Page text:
Interior and furniture designer Lisa le Duc had never been to California before she; her husband; and their two kids, Sebastian (11) and Annabelle (10), decided to move to the Bay Area from the U.K. six years ago. “I hadn’t appreciated the vibe and style [of the area] because it doesn’t really translate well to England, where it’s gray and cold,” she says. The family first settled down in a Craftsman-style house in the Ross neighborhood, but le Duc ultimately realized there wasn’t enough for her to work with. “I felt confined by its design,” she shares. “Plus there was no view, and my husband (he’s a sailor) loves the water.”
While casually browsing Zillow one day, le Duc came across a property in nearby Tiburon best described as “funky” due to its multiple roof heights and “battleship gray” facade. But the location was unbeatable—she was sold. “The first thing I did was paint it black,” recalls le Duc. Within those early few weeks, the designer also gutted the built-in outdoor bar and put in her own grill. Inside, wallpaper from British brand Farrow & Ball, muted green cabinetry, and European-approved wall-hung toilets (you’ll never find her installing floor versions) are comforting nods to their former London life.
With roots now firmly planted along the coast, le Duc designed Sebastian’s and Annabelle’s spaces with longevity in mind. In each of their bedrooms, the twin beds are wedged in nooks, but the designer measured the crevices just so to ensure she can fit a queen-size bed in the bump-outs down the road. “And it can be oriented both ways,” she points out. Sebastian’s sleeping zone is exaggerated by floor-to-ceiling oakwood panels and a deep ledge (the result of a closet in the adjacent room) where he can stack books and display toys.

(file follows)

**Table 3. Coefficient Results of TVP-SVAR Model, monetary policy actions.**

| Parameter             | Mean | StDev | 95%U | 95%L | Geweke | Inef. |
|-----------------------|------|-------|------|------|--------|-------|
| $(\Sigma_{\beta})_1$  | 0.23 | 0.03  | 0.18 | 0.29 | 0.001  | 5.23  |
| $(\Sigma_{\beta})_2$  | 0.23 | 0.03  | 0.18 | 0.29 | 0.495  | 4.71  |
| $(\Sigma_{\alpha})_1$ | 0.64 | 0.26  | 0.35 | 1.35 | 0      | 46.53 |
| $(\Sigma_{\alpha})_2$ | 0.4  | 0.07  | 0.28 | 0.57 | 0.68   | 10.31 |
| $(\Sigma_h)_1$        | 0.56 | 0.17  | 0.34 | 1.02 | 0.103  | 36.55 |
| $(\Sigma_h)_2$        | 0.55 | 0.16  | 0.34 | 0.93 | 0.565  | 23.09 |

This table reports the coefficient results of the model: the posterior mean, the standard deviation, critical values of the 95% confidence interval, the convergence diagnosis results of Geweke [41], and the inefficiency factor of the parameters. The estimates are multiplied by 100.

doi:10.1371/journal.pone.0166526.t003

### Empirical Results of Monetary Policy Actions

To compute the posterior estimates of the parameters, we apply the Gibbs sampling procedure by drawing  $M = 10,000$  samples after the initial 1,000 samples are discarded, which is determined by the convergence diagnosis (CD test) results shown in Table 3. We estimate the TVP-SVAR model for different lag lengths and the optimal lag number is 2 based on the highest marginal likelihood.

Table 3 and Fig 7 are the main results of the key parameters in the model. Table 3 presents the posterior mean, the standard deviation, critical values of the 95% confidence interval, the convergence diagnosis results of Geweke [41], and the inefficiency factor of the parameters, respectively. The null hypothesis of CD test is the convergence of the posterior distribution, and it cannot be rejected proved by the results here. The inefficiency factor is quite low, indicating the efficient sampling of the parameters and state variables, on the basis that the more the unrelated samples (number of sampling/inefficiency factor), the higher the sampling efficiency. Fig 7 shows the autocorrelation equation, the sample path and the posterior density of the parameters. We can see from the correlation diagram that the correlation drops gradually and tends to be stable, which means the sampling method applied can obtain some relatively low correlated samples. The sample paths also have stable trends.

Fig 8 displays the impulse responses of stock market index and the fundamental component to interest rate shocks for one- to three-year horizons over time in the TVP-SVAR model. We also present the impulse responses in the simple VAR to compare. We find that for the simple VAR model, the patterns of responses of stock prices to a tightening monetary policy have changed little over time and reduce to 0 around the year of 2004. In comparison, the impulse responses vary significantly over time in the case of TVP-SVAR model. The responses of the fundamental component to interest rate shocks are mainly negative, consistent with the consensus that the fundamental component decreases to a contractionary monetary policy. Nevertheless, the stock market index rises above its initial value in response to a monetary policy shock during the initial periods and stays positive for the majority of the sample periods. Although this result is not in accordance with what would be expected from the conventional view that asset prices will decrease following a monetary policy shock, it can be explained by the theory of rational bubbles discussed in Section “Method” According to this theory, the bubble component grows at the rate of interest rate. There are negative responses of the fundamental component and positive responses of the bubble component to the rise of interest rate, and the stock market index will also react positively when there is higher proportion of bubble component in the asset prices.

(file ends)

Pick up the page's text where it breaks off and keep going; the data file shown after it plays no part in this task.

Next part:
When homework calls, the kids can retreat to their individual desks. Their matching setups feature an integrated window seat for when they tire of their swivel chairs, and they also each have a String bookcase system in their space that’s totally modular. Right now, le Duc prioritizes open shelving, but the units can be tweaked to include more cabinets when they transition into their teen years. “Visibility certainly helps them stay organized: When they can see where it goes, they know where to find it later on,” she notes.
The designer’s work-around for building out an efficient closet? Shop IKEA’s kitchen cabinet section. “There is so much more variety,” she says. And the pieces are a lot more hackable. “You can put a wall cabinet low down and turn it into a below-counter cabinet, for example,” she adds. Or in le Duc’s case, you can swathe everything in marbleized peel-and-stick wallpaper from Chasing Paper.
The deep soaking tub in the children’s shared bathroom was partially inspired by a scene from the film Totoro and partially a factor of the room’s limited square footage. The Signature Hardware piece is the perfect size for two kiddos (though le Duc’s son and daughter have outgrown the sharing stage) and it doesn’t totally consume the room.
In her own bathroom, the designer worked around the existing circa-1980 tub but gave it a 2022 update with allover terrazzo tile, saving a few of the leftover slabs for the main bedroom shelving niches. “I wanted a calm, neutral, soft space—and that does not have to be beige,” she says of introducing hits of pink to the room’s palette. To achieve a true sense of softness, le Duc ditched the typical drapery hardware for a motorized curtain with a drop-down blackout behind it. “You get full side-to-side coverage but no cords and chains,” she explains.
The garage-slash-mudroom is a further testament to her attention to detail. While the floor is epoxy resin (meaning they can still put two cars in the space when needed), le Duc handpicked each of the three colors that make up the speckled surface and then painted the cabinetry a muted green shade. “It’s just one coat, so you can still see the grain coming through,” she says. It’s reminiscent of the surrounding hills and the reserve, which are visible once you open the doors.
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